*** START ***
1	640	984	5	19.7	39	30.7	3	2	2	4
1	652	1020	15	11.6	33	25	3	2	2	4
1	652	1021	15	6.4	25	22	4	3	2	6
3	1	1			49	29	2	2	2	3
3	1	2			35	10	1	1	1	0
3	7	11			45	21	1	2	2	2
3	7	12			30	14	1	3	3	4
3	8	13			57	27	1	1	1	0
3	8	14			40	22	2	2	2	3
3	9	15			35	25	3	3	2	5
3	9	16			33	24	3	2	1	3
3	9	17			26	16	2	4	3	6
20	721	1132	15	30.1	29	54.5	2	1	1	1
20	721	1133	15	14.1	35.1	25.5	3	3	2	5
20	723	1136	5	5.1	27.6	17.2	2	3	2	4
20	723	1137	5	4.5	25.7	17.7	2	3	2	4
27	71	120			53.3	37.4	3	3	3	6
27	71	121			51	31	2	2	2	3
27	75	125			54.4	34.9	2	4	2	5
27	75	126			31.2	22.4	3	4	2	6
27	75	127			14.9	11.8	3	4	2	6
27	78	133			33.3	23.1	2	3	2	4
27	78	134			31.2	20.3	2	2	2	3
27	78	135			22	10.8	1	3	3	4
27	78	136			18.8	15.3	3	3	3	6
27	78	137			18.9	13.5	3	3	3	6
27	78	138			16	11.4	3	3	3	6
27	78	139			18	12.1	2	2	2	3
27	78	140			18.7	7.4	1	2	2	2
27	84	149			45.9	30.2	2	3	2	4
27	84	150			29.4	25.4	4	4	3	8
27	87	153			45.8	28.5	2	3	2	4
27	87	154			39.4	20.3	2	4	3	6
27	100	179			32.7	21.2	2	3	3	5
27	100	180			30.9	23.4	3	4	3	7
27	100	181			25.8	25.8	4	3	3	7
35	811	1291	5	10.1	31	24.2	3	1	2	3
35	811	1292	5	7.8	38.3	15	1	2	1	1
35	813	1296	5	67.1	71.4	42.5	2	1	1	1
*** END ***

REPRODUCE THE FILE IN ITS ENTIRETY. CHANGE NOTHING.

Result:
1	640	984	5	19.7	39	30.7	3	2	2	4
1	652	1020	15	11.6	33	25	3	2	2	4
1	652	1021	15	6.4	25	22	4	3	2	6
3	1	1			49	29	2	2	2	3
3	1	2			35	10	1	1	1	0
3	7	11			45	21	1	2	2	2
3	7	12			30	14	1	3	3	4
3	8	13			57	27	1	1	1	0
3	8	14			40	22	2	2	2	3
3	9	15			35	25	3	3	2	5
3	9	16			33	24	3	2	1	3
3	9	17			26	16	2	4	3	6
20	721	1132	15	30.1	29	54.5	2	1	1	1
20	721	1133	15	14.1	35.1	25.5	3	3	2	5
20	723	1136	5	5.1	27.6	17.2	2	3	2	4
20	723	1137	5	4.5	25.7	17.7	2	3	2	4
27	71	120			53.3	37.4	3	3	3	6
27	71	121			51	31	2	2	2	3
27	75	125			54.4	34.9	2	4	2	5
27	75	126			31.2	22.4	3	4	2	6
27	75	127			14.9	11.8	3	4	2	6
27	78	133			33.3	23.1	2	3	2	4
27	78	134			31.2	20.3	2	2	2	3
27	78	135			22	10.8	1	3	3	4
27	78	136			18.8	15.3	3	3	3	6
27	78	137			18.9	13.5	3	3	3	6
27	78	138			16	11.4	3	3	3	6
27	78	139			18	12.1	2	2	2	3
27	78	140			18.7	7.4	1	2	2	2
27	84	149			45.9	30.2	2	3	2	4
27	84	150			29.4	25.4	4	4	3	8
27	87	153			45.8	28.5	2	3	2	4
27	87	154			39.4	20.3	2	4	3	6
27	100	179			32.7	21.2	2	3	3	5
27	100	180			30.9	23.4	3	4	3	7
27	100	181			25.8	25.8	4	3	3	7
35	811	1291	5	10.1	31	24.2	3	1	2	3
35	811	1292	5	7.8	38.3	15	1	2	1	1
35	813	1296	5	67.1	71.4	42.5	2	1	1	1